NASA Administrator Sean O'Keefe, who in the past three years led the Agency through an aggressive and comprehensive management transformation and helped it through one of its most painful tragedies, has resigned his post.
In his resignation letter to President Bush, O'Keefe wrote, "I will continue until you have named a successor and in the hope the Senate will act on your nomination by February."
"I've been honored to serve this president, the American people and my talented colleagues here at NASA," O'Keefe said. "Together, we've enjoyed unprecedented success and seen each other through arduous circumstances. This was the most difficult decision I've ever made, but it's one I felt was best for my family and our future."
O'Keefe, 48, is NASA's 10th administrator. Nominated by President Bush and confirmed by the U.S. Senate, he was sworn into office Dec. 21, 2001. It was O'Keefe's fourth presidential appointment.
After joining NASA, O'Keefe focused his efforts on successfully bringing financial credibility to the Agency and eliminating a $5 billion budget shortfall for the International Space Station program. He introduced several innovative management and budget reforms and led all federal agencies in the implementation of the President's Management Agenda, designed to make government more responsive and efficient. In three of the original five agenda categories, NASA's performance is at the highest standard.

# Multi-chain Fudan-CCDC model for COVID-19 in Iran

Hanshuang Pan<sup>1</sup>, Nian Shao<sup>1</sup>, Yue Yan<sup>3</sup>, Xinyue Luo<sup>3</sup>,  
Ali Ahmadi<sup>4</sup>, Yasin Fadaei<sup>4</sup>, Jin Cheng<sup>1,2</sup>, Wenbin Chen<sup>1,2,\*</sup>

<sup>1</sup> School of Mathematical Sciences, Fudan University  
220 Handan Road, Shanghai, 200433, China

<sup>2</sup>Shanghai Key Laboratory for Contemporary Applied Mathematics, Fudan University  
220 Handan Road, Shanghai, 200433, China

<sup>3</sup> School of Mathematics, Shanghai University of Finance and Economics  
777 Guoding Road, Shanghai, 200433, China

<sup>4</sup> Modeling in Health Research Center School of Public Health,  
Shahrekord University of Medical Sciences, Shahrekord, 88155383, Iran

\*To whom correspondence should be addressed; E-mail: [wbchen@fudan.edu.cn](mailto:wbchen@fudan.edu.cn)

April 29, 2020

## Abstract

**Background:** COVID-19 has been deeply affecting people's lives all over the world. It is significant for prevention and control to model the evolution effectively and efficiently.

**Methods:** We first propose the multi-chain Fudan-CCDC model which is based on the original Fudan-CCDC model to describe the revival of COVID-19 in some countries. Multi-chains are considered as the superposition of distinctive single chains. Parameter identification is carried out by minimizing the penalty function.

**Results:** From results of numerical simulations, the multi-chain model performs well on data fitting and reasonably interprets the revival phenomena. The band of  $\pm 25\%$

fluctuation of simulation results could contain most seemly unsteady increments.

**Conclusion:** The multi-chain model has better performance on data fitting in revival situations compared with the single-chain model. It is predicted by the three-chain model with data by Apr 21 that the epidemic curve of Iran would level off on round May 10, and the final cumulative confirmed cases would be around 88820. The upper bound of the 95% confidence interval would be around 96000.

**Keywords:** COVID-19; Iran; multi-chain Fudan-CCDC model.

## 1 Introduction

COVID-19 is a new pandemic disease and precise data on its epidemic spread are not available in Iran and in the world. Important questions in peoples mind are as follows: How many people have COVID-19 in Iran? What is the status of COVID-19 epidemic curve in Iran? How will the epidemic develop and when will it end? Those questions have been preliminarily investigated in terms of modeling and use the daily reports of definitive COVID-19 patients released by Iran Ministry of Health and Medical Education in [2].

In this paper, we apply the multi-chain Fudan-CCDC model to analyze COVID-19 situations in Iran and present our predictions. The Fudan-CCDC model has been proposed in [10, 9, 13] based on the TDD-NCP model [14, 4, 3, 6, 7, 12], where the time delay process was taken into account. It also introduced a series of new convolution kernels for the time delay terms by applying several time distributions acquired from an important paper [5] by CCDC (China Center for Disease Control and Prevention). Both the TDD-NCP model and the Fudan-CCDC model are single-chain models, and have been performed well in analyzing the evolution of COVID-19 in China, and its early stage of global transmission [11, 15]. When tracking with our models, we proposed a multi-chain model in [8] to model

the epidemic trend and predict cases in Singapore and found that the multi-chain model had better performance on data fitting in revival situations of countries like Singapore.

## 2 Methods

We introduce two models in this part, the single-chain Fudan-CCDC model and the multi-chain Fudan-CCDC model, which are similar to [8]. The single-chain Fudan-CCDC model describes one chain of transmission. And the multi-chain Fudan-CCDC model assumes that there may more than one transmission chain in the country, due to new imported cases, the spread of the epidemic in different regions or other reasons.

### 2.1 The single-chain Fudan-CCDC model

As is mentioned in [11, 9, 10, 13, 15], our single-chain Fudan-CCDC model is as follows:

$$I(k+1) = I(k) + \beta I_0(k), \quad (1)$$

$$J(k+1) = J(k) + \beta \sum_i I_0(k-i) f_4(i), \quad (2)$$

The tragic loss of seven astronauts aboard the Space Shuttle Columbia as it re-entered Earth's atmosphere during STS-107 on Feb. 1, 2003, focused the nation's attention on the future of America's space program.
O'Keefe directed significant changes in the Space Shuttle's safety and management programs. He was a key architect of the president's vision for space exploration, announced in January 2004 during a speech by the president at NASA Headquarters in Washington, D.C.
The vision for space exploration led a transformation of NASA and has positioned the Agency to meet the challenges of safely returning the Space Shuttle to flight, completing the International Space Station, exploring Earth's complexities and returning to the moon, going on to Mars and beyond.
"The president and Congress have demonstrated their faith in us. We need to seize this opportunity," O'Keefe said. "NASA has a new direction that will push the boundaries of technology, science, space flight and knowledge, and will inspire new generations of explorers for years to come and secure this great nation's future."
Encouraging students to study mathematics, science and technology has been a priority for O'Keefe. In April 2002, he unveiled a new Educator Astronaut program, in which a select few of outstanding teachers would be chosen to join NASA's Astronaut Corps. The new Educator Astronaut candidates were introduced in May on Space Day and are in training at Johnson Space Center in Houston.